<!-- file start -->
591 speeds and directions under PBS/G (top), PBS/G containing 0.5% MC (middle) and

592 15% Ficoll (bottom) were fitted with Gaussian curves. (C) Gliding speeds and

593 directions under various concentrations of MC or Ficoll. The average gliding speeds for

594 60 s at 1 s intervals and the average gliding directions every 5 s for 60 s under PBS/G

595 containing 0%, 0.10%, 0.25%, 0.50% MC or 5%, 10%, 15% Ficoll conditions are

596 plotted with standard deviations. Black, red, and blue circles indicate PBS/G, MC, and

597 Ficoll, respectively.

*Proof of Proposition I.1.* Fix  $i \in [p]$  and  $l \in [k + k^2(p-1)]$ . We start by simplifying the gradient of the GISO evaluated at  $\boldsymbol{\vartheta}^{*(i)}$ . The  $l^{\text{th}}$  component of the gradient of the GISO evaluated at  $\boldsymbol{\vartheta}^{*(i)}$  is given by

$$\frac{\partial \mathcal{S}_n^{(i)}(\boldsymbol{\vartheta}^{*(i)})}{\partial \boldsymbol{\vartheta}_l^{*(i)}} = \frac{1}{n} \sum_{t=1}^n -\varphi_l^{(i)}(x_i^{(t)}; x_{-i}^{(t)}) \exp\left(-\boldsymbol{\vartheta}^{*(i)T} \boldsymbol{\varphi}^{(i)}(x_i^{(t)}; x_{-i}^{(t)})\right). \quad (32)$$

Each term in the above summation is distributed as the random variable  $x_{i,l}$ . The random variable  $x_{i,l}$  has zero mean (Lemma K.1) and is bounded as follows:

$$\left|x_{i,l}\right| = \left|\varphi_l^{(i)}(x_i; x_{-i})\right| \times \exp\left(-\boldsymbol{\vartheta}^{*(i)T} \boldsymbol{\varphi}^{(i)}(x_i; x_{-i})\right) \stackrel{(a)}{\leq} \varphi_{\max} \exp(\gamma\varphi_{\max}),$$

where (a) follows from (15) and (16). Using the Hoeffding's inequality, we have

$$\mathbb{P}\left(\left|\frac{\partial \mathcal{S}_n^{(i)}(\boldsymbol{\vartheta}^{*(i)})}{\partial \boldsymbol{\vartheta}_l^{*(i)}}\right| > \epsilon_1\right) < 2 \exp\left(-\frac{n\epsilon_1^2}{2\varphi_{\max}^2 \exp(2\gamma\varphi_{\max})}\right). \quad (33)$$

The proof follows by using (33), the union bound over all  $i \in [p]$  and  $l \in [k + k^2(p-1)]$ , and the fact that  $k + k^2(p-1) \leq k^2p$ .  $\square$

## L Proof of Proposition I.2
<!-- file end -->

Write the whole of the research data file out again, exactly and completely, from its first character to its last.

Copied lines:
591 speeds and directions under PBS/G (top), PBS/G containing 0.5% MC (middle) and

592 15% Ficoll (bottom) were fitted with Gaussian curves. (C) Gliding speeds and

593 directions under various concentrations of MC or Ficoll. The average gliding speeds for

594 60 s at 1 s intervals and the average gliding directions every 5 s for 60 s under PBS/G

595 containing 0%, 0.10%, 0.25%, 0.50% MC or 5%, 10%, 15% Ficoll conditions are

596 plotted with standard deviations. Black, red, and blue circles indicate PBS/G, MC, and

597 Ficoll, respectively.

*Proof of Proposition I.1.* Fix  $i \in [p]$  and  $l \in [k + k^2(p-1)]$ . We start by simplifying the gradient of the GISO evaluated at  $\boldsymbol{\vartheta}^{*(i)}$ . The  $l^{\text{th}}$  component of the gradient of the GISO evaluated at  $\boldsymbol{\vartheta}^{*(i)}$  is given by

$$\frac{\partial \mathcal{S}_n^{(i)}(\boldsymbol{\vartheta}^{*(i)})}{\partial \boldsymbol{\vartheta}_l^{*(i)}} = \frac{1}{n} \sum_{t=1}^n -\varphi_l^{(i)}(x_i^{(t)}; x_{-i}^{(t)}) \exp\left(-\boldsymbol{\vartheta}^{*(i)T} \boldsymbol{\varphi}^{(i)}(x_i^{(t)}; x_{-i}^{(t)})\right). \quad (32)$$

Each term in the above summation is distributed as the random variable  $x_{i,l}$ . The random variable  $x_{i,l}$  has zero mean (Lemma K.1) and is bounded as follows:

$$\left|x_{i,l}\right| = \left|\varphi_l^{(i)}(x_i; x_{-i})\right| \times \exp\left(-\boldsymbol{\vartheta}^{*(i)T} \boldsymbol{\varphi}^{(i)}(x_i; x_{-i})\right) \stackrel{(a)}{\leq} \varphi_{\max} \exp(\gamma\varphi_{\max}),$$

where (a) follows from (15) and (16). Using the Hoeffding's inequality, we have

$$\mathbb{P}\left(\left|\frac{\partial \mathcal{S}_n^{(i)}(\boldsymbol{\vartheta}^{*(i)})}{\partial \boldsymbol{\vartheta}_l^{*(i)}}\right| > \epsilon_1\right) < 2 \exp\left(-\frac{n\epsilon_1^2}{2\varphi_{\max}^2 \exp(2\gamma\varphi_{\max})}\right). \quad (33)$$

The proof follows by using (33), the union bound over all  $i \in [p]$  and  $l \in [k + k^2(p-1)]$ , and the fact that  $k + k^2(p-1) \leq k^2p$ .  $\square$

## L Proof of Proposition I.2